Amanda Newlon was quoted extensively in an article in the March 2023 issue of Healthcare Risk Management, discussing the need for healthcare providers to review their non-physician policies from the height of the COVID-19 pandemic.
After non-physician practitioners, such as nurse practitioners or physician assistants, were given more autonomy during the pandemic to meet the demand for medical services, federal and state authorities have begun tightening some of those loosened rules back to pre-pandemic status, meaning providers should review their policies to make sure they are compliant with the more strict guidelines. For example, the CMS ended its blanket waivers and reinstated federal physician supervision requirements for some facilities in 2022, and many states relaxed scope-of-practice requirements during the pandemic and are now revising those positions, according to Newlon.
“The trend that I have been seeing is that the states are kind of falling in line with the federal government, and a lot of states have started to make adjustments to the scope of practice for mid-level practitioners. I don’t think it’s any secret that over the past few years, we’ve seen the opening up of independent practice for APRNs [advanced practice registered nurses] in particular,” Newlon said. “Physician assistants are stuck a little bit behind APRNs, in my opinion, with respect to gaining autonomous practice. But you can certainly see that with the COVID waivers, you have more APRNs who are able to operate without supervisory relationships.”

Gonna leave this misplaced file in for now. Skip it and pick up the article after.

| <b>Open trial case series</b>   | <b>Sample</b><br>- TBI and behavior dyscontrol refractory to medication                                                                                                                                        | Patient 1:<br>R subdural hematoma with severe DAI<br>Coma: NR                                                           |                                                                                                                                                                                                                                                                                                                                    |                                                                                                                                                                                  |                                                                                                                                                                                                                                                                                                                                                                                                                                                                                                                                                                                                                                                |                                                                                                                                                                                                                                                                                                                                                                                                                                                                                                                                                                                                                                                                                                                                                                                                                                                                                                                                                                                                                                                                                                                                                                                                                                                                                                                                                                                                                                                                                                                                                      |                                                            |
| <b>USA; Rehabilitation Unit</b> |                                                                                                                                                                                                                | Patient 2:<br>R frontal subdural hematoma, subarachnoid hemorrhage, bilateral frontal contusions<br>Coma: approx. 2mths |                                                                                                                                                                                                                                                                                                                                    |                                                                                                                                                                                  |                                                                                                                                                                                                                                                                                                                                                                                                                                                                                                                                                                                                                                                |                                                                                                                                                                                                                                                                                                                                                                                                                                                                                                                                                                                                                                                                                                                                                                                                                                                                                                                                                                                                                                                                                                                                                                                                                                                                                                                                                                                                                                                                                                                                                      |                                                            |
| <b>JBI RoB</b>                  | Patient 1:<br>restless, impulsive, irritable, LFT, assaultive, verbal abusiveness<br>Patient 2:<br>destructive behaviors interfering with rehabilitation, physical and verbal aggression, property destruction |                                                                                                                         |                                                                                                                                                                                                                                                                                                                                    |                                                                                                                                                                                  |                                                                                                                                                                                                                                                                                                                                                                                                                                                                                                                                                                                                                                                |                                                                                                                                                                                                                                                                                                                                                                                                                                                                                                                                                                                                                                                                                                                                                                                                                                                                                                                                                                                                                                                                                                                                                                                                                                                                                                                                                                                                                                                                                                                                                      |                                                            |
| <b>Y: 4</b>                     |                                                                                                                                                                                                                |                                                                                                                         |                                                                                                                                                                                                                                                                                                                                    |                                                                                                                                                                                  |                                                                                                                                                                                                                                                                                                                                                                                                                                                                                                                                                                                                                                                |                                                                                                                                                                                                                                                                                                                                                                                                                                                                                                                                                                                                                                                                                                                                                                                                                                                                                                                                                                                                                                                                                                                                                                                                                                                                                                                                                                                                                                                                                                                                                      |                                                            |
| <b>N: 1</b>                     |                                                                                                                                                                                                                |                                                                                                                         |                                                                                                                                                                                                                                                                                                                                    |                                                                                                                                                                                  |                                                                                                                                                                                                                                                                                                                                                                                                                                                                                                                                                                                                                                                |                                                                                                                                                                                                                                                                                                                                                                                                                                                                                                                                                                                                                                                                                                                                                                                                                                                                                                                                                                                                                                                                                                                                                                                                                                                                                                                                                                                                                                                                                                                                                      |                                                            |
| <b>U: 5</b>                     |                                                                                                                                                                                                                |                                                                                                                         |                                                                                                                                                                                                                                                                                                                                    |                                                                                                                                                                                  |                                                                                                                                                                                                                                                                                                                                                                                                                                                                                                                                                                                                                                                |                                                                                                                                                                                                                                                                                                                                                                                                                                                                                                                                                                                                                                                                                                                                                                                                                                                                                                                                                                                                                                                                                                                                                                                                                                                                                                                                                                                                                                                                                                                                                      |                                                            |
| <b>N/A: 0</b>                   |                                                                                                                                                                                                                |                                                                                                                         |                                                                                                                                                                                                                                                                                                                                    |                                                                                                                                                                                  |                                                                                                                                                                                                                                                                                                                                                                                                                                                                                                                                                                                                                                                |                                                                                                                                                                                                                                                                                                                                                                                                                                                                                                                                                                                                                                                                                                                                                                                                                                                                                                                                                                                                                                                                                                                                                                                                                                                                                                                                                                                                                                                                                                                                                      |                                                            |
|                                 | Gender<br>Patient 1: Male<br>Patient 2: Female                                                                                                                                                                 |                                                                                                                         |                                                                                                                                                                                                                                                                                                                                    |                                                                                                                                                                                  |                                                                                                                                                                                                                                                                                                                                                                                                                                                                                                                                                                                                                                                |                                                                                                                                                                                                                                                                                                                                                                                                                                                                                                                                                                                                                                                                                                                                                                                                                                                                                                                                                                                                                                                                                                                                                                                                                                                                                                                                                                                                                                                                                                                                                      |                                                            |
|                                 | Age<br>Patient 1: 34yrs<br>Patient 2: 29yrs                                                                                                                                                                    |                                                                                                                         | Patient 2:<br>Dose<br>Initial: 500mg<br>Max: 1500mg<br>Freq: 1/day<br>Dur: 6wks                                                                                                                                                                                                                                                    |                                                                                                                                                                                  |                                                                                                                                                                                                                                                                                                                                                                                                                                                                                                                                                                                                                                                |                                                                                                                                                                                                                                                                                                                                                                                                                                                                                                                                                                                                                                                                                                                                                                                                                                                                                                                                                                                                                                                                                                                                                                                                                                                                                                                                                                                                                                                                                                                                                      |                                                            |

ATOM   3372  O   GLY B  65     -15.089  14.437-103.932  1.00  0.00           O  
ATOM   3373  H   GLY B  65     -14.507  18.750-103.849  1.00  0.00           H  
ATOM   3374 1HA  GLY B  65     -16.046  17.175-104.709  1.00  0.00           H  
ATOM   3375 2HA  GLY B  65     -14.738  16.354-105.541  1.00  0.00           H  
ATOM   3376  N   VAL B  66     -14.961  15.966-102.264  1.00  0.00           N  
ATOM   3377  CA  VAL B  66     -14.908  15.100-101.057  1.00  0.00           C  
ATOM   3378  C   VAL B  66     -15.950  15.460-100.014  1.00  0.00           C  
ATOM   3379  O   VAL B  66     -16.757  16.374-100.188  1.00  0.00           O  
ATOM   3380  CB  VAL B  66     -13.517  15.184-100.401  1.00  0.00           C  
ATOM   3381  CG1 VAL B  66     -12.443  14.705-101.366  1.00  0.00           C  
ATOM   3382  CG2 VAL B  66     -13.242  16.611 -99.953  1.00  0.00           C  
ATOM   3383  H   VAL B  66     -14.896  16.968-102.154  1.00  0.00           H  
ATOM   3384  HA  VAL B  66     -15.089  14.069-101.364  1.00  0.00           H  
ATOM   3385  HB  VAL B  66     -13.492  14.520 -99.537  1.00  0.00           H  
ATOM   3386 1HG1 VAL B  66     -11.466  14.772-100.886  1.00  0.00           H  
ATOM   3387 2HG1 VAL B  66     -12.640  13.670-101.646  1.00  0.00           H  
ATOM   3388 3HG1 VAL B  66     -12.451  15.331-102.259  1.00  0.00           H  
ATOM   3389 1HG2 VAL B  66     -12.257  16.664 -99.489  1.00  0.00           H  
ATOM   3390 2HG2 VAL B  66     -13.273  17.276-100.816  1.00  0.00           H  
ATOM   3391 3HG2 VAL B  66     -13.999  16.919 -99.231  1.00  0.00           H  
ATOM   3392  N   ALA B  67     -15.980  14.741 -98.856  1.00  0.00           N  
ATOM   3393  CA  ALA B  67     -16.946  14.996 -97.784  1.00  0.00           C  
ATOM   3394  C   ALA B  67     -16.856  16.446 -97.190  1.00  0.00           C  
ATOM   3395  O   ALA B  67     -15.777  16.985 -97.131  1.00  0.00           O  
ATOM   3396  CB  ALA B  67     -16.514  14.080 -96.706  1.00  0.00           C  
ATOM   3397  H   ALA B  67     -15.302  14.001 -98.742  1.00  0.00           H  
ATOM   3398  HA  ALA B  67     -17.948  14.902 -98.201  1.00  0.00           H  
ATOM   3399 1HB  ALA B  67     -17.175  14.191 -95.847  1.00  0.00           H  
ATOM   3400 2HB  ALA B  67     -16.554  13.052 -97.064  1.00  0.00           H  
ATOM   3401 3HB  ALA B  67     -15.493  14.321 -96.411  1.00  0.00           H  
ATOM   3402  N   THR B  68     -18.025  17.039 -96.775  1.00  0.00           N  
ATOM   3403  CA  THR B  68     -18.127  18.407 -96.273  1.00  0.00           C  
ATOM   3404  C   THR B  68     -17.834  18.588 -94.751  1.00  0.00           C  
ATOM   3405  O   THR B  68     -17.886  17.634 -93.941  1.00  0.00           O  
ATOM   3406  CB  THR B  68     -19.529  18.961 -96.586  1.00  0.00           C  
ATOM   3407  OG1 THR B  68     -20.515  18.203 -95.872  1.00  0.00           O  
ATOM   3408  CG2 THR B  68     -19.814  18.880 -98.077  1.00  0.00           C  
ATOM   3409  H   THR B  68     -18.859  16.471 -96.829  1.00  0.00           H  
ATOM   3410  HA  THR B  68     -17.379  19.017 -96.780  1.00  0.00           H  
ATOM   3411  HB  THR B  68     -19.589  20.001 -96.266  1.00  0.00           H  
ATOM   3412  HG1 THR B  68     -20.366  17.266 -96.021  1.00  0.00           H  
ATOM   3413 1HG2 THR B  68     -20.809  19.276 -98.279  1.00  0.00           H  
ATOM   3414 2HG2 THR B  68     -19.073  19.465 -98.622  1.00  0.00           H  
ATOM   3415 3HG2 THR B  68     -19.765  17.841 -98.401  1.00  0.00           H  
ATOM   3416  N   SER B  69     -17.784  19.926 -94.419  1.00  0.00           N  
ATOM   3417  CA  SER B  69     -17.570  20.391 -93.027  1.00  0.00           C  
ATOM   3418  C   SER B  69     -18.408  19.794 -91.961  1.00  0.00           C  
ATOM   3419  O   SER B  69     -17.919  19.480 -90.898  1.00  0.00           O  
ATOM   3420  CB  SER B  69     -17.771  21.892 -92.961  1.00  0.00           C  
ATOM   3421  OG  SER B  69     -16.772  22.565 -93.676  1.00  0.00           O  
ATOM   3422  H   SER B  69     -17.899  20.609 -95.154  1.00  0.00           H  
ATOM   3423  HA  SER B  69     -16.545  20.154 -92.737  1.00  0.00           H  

Newlon added that relaxed requirements for telehealth services are also changing. “Every state has its own scope of practice requirements, its own telehealth supervision requirements,” she said. “There are a lot of states that are making it mandatory to pay for telehealth services through Medicaid and saying insurers have to pay for it at the same rate as they would for in-person [services].”
Florida, for example, had suspended some restrictions on APRNs prescribing controlled substances, allowing for a virtual evaluation of a patient for a controlled substance, but the earlier restrictions are now back in place and require an APRN to see a patient in person before prescribing a controlled substance. Newlon advises healthcare organizations to track changes like this at the state level, as well as at the federal level, although so many rules changing can be difficult to track without consulting an attorney.
“There is a lot of confusion out there right now about what exactly you can do,” Newlon said. “They’re confused, but everybody’s heart is in the right place. They’re trying, but it just changes so quickly, and it’s very hard to keep track of the little details.”
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